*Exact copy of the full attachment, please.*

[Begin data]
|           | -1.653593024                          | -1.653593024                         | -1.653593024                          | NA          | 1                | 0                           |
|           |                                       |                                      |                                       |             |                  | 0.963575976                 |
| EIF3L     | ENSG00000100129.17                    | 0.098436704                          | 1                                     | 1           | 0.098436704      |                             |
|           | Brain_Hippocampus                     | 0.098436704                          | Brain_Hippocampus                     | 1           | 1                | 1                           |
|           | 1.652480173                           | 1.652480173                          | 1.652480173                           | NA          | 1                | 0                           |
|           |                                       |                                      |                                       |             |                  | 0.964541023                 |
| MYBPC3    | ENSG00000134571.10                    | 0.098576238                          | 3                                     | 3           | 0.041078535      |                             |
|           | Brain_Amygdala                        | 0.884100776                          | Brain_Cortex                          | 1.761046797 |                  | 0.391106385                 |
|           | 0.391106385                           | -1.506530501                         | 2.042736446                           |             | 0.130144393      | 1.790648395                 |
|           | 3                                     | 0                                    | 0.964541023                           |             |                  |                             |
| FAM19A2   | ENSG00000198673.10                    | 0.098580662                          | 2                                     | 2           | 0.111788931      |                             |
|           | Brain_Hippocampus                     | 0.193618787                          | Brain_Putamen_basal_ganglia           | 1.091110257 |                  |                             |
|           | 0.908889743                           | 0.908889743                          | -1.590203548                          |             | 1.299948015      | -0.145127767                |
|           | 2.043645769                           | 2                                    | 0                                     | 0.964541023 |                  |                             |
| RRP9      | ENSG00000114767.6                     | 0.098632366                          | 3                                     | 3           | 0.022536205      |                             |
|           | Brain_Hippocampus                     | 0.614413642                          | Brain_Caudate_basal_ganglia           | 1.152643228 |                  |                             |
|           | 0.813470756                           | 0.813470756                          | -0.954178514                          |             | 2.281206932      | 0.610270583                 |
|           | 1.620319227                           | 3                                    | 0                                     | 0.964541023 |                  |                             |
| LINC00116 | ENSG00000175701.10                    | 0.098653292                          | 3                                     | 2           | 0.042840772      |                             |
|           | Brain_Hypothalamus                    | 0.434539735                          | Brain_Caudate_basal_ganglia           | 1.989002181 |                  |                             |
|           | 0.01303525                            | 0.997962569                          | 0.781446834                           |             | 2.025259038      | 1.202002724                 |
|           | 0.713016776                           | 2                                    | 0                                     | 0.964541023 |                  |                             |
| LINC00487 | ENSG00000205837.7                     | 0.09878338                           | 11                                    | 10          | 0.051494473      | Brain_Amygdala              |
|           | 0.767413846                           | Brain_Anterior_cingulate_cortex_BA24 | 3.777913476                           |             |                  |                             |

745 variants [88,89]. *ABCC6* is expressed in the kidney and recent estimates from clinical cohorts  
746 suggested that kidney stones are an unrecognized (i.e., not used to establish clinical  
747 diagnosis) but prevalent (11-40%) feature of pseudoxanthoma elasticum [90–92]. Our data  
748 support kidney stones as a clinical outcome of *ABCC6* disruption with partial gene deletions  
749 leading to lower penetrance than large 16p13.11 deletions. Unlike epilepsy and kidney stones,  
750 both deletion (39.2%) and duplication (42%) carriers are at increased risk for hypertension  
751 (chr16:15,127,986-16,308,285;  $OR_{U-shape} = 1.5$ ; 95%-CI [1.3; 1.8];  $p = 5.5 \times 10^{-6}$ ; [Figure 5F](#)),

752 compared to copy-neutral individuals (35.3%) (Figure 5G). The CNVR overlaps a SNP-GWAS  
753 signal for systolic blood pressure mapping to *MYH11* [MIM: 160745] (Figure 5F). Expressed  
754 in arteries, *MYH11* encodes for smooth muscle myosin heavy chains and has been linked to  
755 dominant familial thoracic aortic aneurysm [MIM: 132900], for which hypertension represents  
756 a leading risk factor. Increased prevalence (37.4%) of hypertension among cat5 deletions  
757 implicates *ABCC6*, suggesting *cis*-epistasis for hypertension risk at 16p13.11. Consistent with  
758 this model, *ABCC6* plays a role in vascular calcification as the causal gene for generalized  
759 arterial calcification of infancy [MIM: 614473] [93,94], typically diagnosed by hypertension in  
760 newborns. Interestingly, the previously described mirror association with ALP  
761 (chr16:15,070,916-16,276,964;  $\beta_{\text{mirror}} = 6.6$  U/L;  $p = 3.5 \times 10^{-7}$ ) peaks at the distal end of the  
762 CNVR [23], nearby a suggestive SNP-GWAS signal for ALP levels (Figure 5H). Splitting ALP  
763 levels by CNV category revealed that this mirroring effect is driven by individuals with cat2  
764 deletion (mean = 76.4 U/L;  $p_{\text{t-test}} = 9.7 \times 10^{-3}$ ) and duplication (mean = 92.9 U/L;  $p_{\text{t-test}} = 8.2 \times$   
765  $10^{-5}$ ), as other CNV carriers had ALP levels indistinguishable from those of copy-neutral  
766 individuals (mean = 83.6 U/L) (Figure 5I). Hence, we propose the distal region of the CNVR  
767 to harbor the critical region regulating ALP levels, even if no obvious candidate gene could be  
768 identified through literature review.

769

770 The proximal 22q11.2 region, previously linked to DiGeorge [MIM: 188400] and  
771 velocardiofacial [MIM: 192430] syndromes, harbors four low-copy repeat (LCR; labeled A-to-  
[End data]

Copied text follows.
|           | -1.653593024                          | -1.653593024                         | -1.653593024                          | NA          | 1                | 0                           |
|           |                                       |                                      |                                       |             |                  | 0.963575976                 |
| EIF3L     | ENSG00000100129.17                    | 0.098436704                          | 1                                     | 1           | 0.098436704      |                             |
|           | Brain_Hippocampus                     | 0.098436704                          | Brain_Hippocampus                     | 1           | 1                | 1                           |
|           | 1.652480173                           | 1.652480173                          | 1.652480173                           | NA          | 1                | 0                           |
|           |                                       |                                      |                                       |             |                  | 0.964541023                 |
| MYBPC3    | ENSG00000134571.10                    | 0.098576238                          | 3                                     | 3           | 0.041078535      |                             |
|           | Brain_Amygdala                        | 0.884100776                          | Brain_Cortex                          | 1.761046797 |                  | 0.391106385                 |
|           | 0.391106385                           | -1.506530501                         | 2.042736446                           |             | 0.130144393      | 1.790648395                 |
|           | 3                                     | 0                                    | 0.964541023                           |             |                  |                             |
| FAM19A2   | ENSG00000198673.10                    | 0.098580662                          | 2                                     | 2           | 0.111788931      |                             |
|           | Brain_Hippocampus                     | 0.193618787                          | Brain_Putamen_basal_ganglia           | 1.091110257 |                  |                             |
|           | 0.908889743                           | 0.908889743                          | -1.590203548                          |             | 1.299948015      | -0.145127767                |
|           | 2.043645769                           | 2                                    | 0                                     | 0.964541023 |                  |                             |
| RRP9      | ENSG00000114767.6                     | 0.098632366                          | 3                                     | 3           | 0.022536205      |                             |
|           | Brain_Hippocampus                     | 0.614413642                          | Brain_Caudate_basal_ganglia           | 1.152643228 |                  |                             |
|           | 0.813470756                           | 0.813470756                          | -0.954178514                          |             | 2.281206932      | 0.610270583                 |
|           | 1.620319227                           | 3                                    | 0                                     | 0.964541023 |                  |                             |
| LINC00116 | ENSG00000175701.10                    | 0.098653292                          | 3                                     | 2           | 0.042840772      |                             |
|           | Brain_Hypothalamus                    | 0.434539735                          | Brain_Caudate_basal_ganglia           | 1.989002181 |                  |                             |
|           | 0.01303525                            | 0.997962569                          | 0.781446834                           |             | 2.025259038      | 1.202002724                 |
|           | 0.713016776                           | 2                                    | 0                                     | 0.964541023 |                  |                             |
| LINC00487 | ENSG00000205837.7                     | 0.09878338                           | 11                                    | 10          | 0.051494473      | Brain_Amygdala              |
|           | 0.767413846                           | Brain_Anterior_cingulate_cortex_BA24 | 3.777913476                           |             |                  |                             |

745 variants [88,89]. *ABCC6* is expressed in the kidney and recent estimates from clinical cohorts  
746 suggested that kidney stones are an unrecognized (i.e., not used to establish clinical  
747 diagnosis) but prevalent (11-40%) feature of pseudoxanthoma elasticum [90–92]. Our data  
748 support kidney stones as a clinical outcome of *ABCC6* disruption with partial gene deletions  
749 leading to lower penetrance than large 16p13.11 deletions. Unlike epilepsy and kidney stones,  
750 both deletion (39.2%) and duplication (42%) carriers are at increased risk for hypertension  
751 (chr16:15,127,986-16,308,285;  $OR_{U-shape} = 1.5$ ; 95%-CI [1.3; 1.8];  $p = 5.5 \times 10^{-6}$ ; [Figure 5F](#)),

752 compared to copy-neutral individuals (35.3%) (Figure 5G). The CNVR overlaps a SNP-GWAS  
753 signal for systolic blood pressure mapping to *MYH11* [MIM: 160745] (Figure 5F). Expressed  
754 in arteries, *MYH11* encodes for smooth muscle myosin heavy chains and has been linked to  
755 dominant familial thoracic aortic aneurysm [MIM: 132900], for which hypertension represents  
756 a leading risk factor. Increased prevalence (37.4%) of hypertension among cat5 deletions  
757 implicates *ABCC6*, suggesting *cis*-epistasis for hypertension risk at 16p13.11. Consistent with  
758 this model, *ABCC6* plays a role in vascular calcification as the causal gene for generalized  
759 arterial calcification of infancy [MIM: 614473] [93,94], typically diagnosed by hypertension in  
760 newborns. Interestingly, the previously described mirror association with ALP  
761 (chr16:15,070,916-16,276,964;  $\beta_{\text{mirror}} = 6.6$  U/L;  $p = 3.5 \times 10^{-7}$ ) peaks at the distal end of the  
762 CNVR [23], nearby a suggestive SNP-GWAS signal for ALP levels (Figure 5H). Splitting ALP  
763 levels by CNV category revealed that this mirroring effect is driven by individuals with cat2  
764 deletion (mean = 76.4 U/L;  $p_{\text{t-test}} = 9.7 \times 10^{-3}$ ) and duplication (mean = 92.9 U/L;  $p_{\text{t-test}} = 8.2 \times$   
765  $10^{-5}$ ), as other CNV carriers had ALP levels indistinguishable from those of copy-neutral  
766 individuals (mean = 83.6 U/L) (Figure 5I). Hence, we propose the distal region of the CNVR  
767 to harbor the critical region regulating ALP levels, even if no obvious candidate gene could be  
768 identified through literature review.

769

770 The proximal 22q11.2 region, previously linked to DiGeorge [MIM: 188400] and  
771 velocardiofacial [MIM: 192430] syndromes, harbors four low-copy repeat (LCR; labeled A-to-  